Wired Contributing Editor Joshua Davis recently described a new breed of teachers who recognize “knowledge isn’t a commodity that’s delivered from teacher to student but something that emerges from the students’ own curiosity-fueled exploration.” For these teachers, the learning process often begins by asking students, “What do you want to learn?” Some are creating flipped classrooms, where students learn at home, at their own pace using resources like Khan Academy, and where classroom time is used to extend that learning in a much more personalized and collaborative way. Others focus on project based learning, where teachers create opportunities for students to explore real-world problems and use challenges that arise as entry points for learning.
My experiences with Flipped Classroom Teaching and Learning
My experiences with the flipped classroom philosophy have been very rewarding. This was my initial foray but an extremely important step which is why I felt the need to document it. While reading up on flipped classroom resources I came across it’s uses in the ESL classroom. The video changed my way of thinking about it. I saw the positive impact and how it could be of immense practical use.
However as a Language teacher, I was a little hesitant. It might help me reach my students but it also created my interactive class into a lecture. My heart revolted at the thought of imposing my voice into the students.
My ESL year 10 class does the same Literature course as the First Language Learners. Unfortunately, the language barrier makes comprehension very tough and one requires various strategies for scaffolding.
We were commencing on the reading of a tough novel under the World Literature Course. We tried hard to comprehend the novel, and I tried vocabulary lists in different languages (the classroom had students from 8 different countries). However, whatever I would say would get lost in translation! Literally!!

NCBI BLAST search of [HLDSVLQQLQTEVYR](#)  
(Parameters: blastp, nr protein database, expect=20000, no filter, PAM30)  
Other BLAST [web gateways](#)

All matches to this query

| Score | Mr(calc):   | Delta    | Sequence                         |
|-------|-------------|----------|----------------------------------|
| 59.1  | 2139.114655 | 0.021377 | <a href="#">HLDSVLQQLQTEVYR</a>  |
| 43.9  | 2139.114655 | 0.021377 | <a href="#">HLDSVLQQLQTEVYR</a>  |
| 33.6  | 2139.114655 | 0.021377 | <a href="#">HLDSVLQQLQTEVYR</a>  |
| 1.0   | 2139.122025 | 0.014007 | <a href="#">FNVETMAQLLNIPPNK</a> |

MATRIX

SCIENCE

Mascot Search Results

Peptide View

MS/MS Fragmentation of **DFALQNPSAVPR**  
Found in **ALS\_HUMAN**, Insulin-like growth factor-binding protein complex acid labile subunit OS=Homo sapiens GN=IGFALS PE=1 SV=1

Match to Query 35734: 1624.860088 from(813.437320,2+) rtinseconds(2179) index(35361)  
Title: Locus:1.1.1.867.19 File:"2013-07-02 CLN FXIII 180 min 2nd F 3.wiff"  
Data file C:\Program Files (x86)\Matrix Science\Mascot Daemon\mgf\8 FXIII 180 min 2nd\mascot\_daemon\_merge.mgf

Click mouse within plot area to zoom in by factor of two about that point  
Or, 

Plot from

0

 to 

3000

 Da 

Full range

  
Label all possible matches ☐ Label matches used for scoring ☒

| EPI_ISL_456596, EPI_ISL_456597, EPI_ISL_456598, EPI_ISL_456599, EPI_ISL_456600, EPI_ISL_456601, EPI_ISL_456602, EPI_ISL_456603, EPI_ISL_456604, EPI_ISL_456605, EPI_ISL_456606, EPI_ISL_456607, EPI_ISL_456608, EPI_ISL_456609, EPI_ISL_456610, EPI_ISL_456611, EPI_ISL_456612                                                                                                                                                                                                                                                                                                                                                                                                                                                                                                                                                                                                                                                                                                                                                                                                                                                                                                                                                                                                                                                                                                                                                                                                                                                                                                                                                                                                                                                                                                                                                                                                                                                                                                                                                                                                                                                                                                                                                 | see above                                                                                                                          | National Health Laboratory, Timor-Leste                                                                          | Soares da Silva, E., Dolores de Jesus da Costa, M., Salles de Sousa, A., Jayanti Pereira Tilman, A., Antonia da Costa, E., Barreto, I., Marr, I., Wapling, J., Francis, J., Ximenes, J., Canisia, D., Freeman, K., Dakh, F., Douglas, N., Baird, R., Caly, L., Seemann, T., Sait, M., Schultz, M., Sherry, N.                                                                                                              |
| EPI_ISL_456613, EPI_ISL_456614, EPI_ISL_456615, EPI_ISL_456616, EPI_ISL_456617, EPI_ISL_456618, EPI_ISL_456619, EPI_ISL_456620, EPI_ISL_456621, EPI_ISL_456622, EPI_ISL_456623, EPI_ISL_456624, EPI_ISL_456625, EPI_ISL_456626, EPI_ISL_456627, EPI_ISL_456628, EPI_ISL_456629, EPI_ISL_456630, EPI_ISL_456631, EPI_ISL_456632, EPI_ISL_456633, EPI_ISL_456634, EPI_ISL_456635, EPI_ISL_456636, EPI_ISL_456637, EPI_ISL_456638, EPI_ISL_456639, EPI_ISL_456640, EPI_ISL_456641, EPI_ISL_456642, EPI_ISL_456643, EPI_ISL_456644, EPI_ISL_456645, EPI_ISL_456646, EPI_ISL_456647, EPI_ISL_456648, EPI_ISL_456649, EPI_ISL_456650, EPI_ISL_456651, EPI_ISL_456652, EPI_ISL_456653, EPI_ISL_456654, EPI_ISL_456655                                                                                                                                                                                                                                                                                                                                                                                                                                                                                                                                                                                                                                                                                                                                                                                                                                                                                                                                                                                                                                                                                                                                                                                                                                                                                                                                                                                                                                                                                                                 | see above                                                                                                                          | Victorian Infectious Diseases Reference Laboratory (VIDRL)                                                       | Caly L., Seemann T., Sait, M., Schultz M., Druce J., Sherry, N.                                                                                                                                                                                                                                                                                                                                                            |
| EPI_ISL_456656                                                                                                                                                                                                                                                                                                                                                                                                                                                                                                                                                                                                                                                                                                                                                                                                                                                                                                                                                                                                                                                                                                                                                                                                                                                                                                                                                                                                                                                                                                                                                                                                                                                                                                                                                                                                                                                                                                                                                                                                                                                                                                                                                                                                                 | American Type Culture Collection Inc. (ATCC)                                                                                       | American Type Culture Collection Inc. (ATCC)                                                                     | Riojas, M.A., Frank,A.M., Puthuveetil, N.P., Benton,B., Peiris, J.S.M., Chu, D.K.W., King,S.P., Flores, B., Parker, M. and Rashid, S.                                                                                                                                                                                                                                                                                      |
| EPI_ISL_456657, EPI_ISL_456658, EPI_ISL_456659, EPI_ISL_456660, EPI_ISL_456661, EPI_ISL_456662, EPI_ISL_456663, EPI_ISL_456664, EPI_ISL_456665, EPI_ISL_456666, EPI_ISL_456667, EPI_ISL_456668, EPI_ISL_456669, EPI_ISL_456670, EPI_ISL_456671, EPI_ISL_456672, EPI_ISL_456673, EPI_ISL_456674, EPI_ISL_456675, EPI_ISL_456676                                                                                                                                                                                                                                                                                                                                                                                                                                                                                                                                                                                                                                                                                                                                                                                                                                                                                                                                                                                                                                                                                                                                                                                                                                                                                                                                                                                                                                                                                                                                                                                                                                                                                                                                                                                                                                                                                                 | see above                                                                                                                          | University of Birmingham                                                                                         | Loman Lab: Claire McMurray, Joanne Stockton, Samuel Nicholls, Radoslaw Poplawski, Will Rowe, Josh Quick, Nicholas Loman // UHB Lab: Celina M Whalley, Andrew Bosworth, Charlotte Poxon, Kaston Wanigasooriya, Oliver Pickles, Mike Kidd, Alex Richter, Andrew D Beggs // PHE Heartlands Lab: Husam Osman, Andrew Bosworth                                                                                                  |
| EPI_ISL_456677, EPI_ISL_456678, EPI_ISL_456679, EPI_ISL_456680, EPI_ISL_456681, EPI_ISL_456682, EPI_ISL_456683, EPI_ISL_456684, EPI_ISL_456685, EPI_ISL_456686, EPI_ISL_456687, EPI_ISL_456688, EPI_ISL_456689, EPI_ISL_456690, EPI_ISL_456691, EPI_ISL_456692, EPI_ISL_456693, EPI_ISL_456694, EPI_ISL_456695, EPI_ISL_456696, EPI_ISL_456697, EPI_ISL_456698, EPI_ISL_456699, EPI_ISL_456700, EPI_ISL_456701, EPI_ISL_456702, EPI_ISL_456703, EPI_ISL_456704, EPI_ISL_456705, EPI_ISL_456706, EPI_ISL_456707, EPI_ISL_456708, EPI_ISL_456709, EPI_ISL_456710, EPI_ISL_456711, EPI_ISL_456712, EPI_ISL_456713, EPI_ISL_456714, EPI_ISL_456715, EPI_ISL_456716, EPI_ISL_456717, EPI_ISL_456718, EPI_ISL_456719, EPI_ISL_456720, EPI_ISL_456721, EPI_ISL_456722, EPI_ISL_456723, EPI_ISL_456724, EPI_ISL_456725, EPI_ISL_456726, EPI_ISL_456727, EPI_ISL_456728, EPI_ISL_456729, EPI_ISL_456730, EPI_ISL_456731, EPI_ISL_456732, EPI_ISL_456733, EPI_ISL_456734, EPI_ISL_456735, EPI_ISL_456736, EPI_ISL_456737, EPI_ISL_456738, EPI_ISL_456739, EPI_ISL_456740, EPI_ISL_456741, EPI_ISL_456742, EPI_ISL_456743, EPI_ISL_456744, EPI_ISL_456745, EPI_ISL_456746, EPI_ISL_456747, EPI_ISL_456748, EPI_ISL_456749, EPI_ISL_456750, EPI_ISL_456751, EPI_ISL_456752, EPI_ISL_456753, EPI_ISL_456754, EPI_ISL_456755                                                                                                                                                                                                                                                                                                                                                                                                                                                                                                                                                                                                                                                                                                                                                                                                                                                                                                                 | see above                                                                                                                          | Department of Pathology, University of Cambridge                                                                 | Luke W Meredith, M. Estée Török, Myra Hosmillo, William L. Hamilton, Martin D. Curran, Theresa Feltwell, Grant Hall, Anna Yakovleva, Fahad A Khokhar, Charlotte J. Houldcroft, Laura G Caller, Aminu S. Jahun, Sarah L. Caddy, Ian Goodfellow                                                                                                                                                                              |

The flipped classroom had its benefits but I did not find it went well with language teaching. Not many educators had tried the flipped classroom approach with languages. There was conclusive evidence through Kahn Academy that it worked well with Mathematics and Science, but I felt I was walking into unchartered territory.
A little more research turned up this really short but explosive video. Suddenly I felt I had ideas running through my head. The video didn’t say much but definitely made me think and will make you also…
I downloaded ‘jing’ and created 5 minute modules of different chapters in the novel. My first experiment was to share Chapter 1. This was my first and tentative foray into the novel. Needless to say I was nervous.
My lesson objectives were
- To encourage an interest in the novel by providing some but not the complete information.
- To differentiate by providing a basic review of the main issues in each chapter.
- To extend by providing leading questions around the themes.
Response to video:
- Students were required to read the first two chapters
- View video
- Read the differentiated and extension questions.
- Prepare for discussion
- Differentiated Question- What are the instances of religion mentioned in this chapter. Write a paragraph discussing these.
- Extended Question- Why does Papa throw the missal at Jaja? What does it tell you about him as a person?
I provided enough time for them to be ready for a discussion. I explained to them that we would not spend time discussing and explaining the words and meanings. They were to read the chapter, use the video to understand what they couldn’t research on the questions and then come back in the next class prepared to answer questions.
Instead of spending time on explaining, I would discuss the themes and deeper meaning. Instead of spending time in providing meanings I would ask them to explore the deeper meaning. Mostly I would like to spend time on their written responses.
The video provided the basic explanation which the students could watch at their own time. They could view it twice or thrice, however long it took for them to follow the basic storyline.
The experiment worked!
Next lesson my students were keen and aware and enthusiastic. They had put in time and effort in understanding and had done it in their own time. They felt confident and relaxed instead of tense.
Finally, in class we discussed issues and themes the author introduces. We brainstormed on the deeper meaning and analysed the characters introduced. We discussed setting and plot. It was slow but the students were prepared and I was not spending time only explaining.
It transformed the classroom!
Not that one video but the rest of the work that we are managing to achieve with the flipped classroom approach. That was my technology transforming experience and one I want to document in Course 5. By then we shall have completed the book, and the actual transformation will be evident in various ways.
But that is all for later!!!!
Till then, here is some reading to inspire: